State is offering loan guarantees to lure Slovenia Officials hope to create 'catalyst' to spur trade

June 17, 1992|By Liz Atwood | Liz Atwood,Staff Writer

The state of Maryland is trying to entice the former Yugoslavian republic of Slovenia to do business here by offering it loan guarantees to buy Maryland products or use state services.

Although the U.S. government has yet to extend diplomatic relations to Slovenia, Gov. William Donald Schaefer and members of his Cabinet have decided to extend their own recognition. The state has agreed to guarantee up to $1 million for each transaction between that country and Maryland, officials said.

Such transactions include buying goods from Maryland companies, employing state brokers for purchases or shipping through the port of Baltimore or Baltimore-Washington International Airport.

The loan guarantees were explained yesterday after state officials briefed business executives on the governor's recent 10-day European trade mission.

Previously, state officials had announced a commitment from the Slovenian government to purchase $2 million worth of medical instruments from a Maryland broker.

In comments yesterday, officials clarified that the commitment, which also carries loan guarantees, consists of an oral agreement and that details of what would be purchased and LTC from which company have yet to be decided.

The trip, which cost the state about $100,000, also included visits to Germany, Italy and Britain as the governor called on companies already doing business in Maryland and tried to make new contacts.

Scott Blacklin, director of the Maryland International Division, said the state decided to offer the loan guarantees to Slovenia in order to pursue trade more aggressively. The guarantees "are a little bit of a risk," he said, but provide the catalyst needed to spur business between Slovenia and Maryland.

Slovenia, a country the size of Maryland and with half as many people, declared its independence from Yugoslavia last year. Although the U.S. government has recognized Slovenia, it has not established diplomatic relations, a position with which Mr. Schaefer said he disagrees.

In the past, the Maryland Industrial Development Financing Authority (MIDFA) has guaranteed loans for foreign companies buying from Maryland companies, but only once before has it extended the guarantees to a foreign country, said Marie Torres, a MIDFA official.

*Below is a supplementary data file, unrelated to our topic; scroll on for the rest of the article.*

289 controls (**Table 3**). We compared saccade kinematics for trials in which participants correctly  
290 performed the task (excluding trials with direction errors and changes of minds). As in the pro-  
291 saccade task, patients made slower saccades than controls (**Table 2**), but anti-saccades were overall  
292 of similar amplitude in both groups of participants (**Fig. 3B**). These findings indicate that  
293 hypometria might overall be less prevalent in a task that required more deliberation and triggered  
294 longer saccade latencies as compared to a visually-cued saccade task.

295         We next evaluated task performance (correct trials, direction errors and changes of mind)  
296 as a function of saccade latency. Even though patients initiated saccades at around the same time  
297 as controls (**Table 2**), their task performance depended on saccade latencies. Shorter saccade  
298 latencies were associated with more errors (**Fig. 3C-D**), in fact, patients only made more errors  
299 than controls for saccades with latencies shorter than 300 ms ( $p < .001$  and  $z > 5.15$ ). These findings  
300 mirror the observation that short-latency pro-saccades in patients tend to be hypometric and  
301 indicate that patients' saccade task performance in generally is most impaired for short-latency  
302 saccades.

In that case, MIDFA offered to guarantee loans to Yugoslavia in 1987 to purchase dredging equipment from a Maryland company, but the guarantees were never activated because the company did not get the business, she said.

The state thinks it can afford to guarantee only a few such loans, Mr. Blacklin said. He said state officials would study each transaction carefully before making the loan commitments.

The state has already agreed to back a $1 million loan to Slovenia for the purchase of a $13 million radar system from Westinghouse Electric Corp. and has made the same offer for another radar project Westinghouse hopes to win.

Regarding the medical-equipment deal, Mr. Blacklin said the head of the Slovenian Ministry of Science and Technology has an oral agreement with the state to purchase $2 million in instruments through a Maryland broker, Walter J. Sistek, head of the Systech Organization Inc., a Towson consulting business.

Mr. Sistek said he is representing about a dozen Maryland companies and hopes to persuade Slovenia to buy the medical equipment from local companies, although the Slovenians are interested in buying at least some of the equipment from a California company.

Mr. Sistek said he plans to travel to Slovenia this week to secure a written agreement.

Mr. Blacklin said the medical-supplies order is small but that the state hopes it will lead to larger purchases from other Slovenian agencies.

In addition to making contacts in Slovenia, the state received a commitment from a group of Italian businessmen to visit Maryland this fall to explore investment opportunities.

The trade mission also helped secure a tentative agreement from Minerva SRL, an Italian processor of olive oil, to establish a plant in Baltimore and to route its imports through the port of Baltimore. The company already operates a small sales office here.

The new plant would create 30 to 40 jobs, the state said. A final agreement on that project is expected this summer, said Mark L. Wasserman, secretary of economic and employment development.

At the breakfast meeting yesterday with state business and government leaders, Mr. Schaefer said the state must do more to improve its image abroad.

"If you think anyone is going to sell Maryland but us, you're wrong," he said.

The governor said that the executives he meets overseas frequently have never heard of Maryland or Baltimore, although they have heard of the University of Maryland and the Johns Hopkins University.

Mr. Wasserman said it will be several months before the state determines how effective the latest trade mission was.

Last year, the state had high expectations for trade with Kuwait after the Kuwaiti ambassador signed an agreement to buy Maryland products or at least to ship goods through the port of Baltimore in that country's rebuilding effort. Little business has resulted, however.

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